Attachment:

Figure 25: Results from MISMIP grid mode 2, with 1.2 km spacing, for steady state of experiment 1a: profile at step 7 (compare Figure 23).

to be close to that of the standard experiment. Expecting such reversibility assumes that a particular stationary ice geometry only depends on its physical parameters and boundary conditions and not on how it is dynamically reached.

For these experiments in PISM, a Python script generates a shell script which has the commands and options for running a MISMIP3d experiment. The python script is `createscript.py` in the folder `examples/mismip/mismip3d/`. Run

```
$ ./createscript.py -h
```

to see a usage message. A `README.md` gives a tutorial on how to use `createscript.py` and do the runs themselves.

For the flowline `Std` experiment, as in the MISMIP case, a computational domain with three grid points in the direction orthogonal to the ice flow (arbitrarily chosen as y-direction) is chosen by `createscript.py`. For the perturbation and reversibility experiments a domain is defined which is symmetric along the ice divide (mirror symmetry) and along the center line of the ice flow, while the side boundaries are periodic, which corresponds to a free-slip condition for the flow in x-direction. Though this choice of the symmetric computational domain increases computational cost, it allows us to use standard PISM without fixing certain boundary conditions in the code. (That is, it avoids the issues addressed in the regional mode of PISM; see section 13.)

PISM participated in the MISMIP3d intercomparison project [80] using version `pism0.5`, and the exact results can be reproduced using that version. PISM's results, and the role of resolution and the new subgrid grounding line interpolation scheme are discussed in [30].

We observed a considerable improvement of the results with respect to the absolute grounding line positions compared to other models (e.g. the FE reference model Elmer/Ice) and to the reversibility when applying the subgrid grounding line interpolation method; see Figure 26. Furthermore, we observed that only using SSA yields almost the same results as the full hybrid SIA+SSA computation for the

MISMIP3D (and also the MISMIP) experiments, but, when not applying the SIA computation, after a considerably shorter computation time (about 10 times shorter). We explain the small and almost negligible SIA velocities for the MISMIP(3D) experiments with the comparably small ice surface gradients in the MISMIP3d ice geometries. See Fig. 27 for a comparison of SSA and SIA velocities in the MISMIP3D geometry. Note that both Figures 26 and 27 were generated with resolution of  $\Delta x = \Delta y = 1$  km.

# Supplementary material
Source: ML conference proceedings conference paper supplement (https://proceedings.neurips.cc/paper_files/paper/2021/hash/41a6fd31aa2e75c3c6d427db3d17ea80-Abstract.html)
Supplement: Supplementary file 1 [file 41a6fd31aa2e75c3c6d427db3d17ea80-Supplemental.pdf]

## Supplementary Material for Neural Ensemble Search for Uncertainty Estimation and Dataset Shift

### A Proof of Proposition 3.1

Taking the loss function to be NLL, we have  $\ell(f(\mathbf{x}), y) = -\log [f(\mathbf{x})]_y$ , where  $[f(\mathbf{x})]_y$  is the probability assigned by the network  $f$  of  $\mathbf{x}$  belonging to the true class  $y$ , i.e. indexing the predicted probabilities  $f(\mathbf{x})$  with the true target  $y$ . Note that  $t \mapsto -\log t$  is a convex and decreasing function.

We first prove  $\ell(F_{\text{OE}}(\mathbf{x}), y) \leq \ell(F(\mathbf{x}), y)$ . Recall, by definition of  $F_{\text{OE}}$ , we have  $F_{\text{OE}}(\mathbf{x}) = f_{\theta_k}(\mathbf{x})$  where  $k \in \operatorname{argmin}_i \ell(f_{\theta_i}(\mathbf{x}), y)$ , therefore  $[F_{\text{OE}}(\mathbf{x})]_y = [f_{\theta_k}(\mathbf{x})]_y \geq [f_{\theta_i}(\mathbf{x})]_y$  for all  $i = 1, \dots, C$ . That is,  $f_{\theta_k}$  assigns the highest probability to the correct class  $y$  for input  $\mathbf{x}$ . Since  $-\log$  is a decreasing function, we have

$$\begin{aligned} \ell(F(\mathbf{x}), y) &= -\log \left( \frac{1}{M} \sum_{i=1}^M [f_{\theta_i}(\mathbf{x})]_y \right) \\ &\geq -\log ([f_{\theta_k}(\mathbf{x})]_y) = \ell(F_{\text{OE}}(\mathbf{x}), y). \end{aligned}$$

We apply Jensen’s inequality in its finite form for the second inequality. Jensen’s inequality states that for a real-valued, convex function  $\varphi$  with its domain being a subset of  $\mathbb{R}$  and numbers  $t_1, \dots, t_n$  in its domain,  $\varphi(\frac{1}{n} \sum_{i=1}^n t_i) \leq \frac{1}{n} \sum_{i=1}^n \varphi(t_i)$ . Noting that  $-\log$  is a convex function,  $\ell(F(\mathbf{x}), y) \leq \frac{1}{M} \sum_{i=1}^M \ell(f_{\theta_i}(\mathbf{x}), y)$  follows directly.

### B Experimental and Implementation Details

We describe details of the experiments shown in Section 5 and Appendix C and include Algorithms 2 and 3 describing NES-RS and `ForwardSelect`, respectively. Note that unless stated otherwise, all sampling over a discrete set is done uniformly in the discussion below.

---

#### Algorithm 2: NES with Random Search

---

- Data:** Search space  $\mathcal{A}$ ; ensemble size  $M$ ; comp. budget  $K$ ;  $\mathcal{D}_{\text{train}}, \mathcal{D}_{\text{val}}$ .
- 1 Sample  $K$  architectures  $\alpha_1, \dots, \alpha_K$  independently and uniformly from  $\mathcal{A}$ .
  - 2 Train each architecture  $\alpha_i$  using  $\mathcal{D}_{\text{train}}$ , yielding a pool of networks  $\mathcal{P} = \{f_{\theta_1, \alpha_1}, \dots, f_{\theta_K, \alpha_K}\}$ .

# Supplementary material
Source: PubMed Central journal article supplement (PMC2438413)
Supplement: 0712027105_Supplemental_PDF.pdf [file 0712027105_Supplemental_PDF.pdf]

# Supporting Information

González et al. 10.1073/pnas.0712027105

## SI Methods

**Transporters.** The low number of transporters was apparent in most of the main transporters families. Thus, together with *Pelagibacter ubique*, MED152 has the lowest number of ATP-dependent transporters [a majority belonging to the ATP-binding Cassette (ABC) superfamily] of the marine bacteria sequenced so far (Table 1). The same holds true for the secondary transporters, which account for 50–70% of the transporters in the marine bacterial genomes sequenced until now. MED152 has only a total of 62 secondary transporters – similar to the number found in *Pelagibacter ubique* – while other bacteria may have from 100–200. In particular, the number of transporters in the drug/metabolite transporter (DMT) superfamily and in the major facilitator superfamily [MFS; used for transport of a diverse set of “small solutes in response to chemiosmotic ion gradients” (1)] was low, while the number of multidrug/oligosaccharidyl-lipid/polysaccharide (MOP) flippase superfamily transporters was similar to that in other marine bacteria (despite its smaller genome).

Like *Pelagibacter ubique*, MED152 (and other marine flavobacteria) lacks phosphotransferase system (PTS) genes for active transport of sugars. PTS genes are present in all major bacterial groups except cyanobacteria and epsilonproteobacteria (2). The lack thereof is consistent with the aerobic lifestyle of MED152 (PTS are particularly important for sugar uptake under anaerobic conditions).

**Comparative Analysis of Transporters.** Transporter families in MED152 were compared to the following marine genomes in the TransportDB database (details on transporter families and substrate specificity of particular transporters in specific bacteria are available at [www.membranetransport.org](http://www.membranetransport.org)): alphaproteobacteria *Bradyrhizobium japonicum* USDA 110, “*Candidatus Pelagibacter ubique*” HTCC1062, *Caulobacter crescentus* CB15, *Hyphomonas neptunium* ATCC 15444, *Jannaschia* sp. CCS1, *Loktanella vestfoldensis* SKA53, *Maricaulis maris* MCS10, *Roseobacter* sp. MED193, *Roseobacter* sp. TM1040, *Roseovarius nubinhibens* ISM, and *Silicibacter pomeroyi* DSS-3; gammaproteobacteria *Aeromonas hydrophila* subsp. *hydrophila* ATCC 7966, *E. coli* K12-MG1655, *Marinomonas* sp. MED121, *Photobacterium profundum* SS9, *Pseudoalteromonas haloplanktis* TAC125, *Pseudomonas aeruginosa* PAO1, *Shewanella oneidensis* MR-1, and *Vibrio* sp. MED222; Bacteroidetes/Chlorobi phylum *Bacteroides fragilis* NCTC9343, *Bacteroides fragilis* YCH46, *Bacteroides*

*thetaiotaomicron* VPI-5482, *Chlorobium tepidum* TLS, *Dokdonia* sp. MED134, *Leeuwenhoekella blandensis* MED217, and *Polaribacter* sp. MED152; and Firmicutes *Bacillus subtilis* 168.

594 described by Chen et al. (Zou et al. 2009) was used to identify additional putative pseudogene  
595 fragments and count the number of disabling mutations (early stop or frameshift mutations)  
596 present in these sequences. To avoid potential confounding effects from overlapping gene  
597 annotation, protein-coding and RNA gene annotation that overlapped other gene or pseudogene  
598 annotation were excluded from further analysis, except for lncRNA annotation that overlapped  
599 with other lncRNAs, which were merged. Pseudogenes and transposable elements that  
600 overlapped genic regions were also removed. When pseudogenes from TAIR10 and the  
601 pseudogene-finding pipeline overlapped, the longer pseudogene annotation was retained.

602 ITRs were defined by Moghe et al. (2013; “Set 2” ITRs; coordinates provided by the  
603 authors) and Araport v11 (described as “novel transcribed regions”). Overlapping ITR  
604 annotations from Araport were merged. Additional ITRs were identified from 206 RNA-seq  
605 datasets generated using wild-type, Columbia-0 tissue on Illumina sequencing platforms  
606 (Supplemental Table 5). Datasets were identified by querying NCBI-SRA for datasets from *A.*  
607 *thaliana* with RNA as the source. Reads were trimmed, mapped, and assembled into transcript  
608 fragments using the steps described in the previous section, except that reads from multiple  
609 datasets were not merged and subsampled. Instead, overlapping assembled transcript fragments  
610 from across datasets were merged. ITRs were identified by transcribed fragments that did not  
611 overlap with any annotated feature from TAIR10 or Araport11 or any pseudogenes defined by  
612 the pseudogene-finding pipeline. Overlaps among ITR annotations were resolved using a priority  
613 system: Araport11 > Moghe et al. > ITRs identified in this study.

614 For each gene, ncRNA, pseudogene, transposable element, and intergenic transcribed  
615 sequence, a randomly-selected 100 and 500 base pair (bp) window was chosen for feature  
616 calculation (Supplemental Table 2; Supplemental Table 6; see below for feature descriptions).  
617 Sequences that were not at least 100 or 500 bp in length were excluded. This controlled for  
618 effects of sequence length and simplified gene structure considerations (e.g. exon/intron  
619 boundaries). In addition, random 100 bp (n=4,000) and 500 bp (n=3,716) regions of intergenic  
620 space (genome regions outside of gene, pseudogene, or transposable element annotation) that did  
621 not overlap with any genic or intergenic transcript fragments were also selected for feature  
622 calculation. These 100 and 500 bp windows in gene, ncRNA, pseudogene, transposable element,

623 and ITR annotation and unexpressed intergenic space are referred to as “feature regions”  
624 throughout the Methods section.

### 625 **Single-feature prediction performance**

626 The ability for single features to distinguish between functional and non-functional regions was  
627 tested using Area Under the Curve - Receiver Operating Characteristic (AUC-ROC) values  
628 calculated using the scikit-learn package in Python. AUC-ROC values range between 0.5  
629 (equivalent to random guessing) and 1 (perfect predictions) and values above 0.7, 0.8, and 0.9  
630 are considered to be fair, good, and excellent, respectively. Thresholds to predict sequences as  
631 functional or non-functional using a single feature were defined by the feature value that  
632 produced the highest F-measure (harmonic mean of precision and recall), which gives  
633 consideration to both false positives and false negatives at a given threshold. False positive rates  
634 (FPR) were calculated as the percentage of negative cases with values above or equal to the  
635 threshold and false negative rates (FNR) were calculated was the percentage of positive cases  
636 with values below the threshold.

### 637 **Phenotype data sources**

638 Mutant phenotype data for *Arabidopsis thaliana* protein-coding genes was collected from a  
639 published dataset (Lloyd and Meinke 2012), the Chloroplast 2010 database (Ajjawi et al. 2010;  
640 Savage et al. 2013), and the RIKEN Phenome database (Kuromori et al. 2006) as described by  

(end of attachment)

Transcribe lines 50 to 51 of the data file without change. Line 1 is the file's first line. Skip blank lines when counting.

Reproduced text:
605 datasets generated using wild-type, Columbia-0 tissue on Illumina sequencing platforms  
606 (Supplemental Table 5). Datasets were identified by querying NCBI-SRA for datasets from *A.*  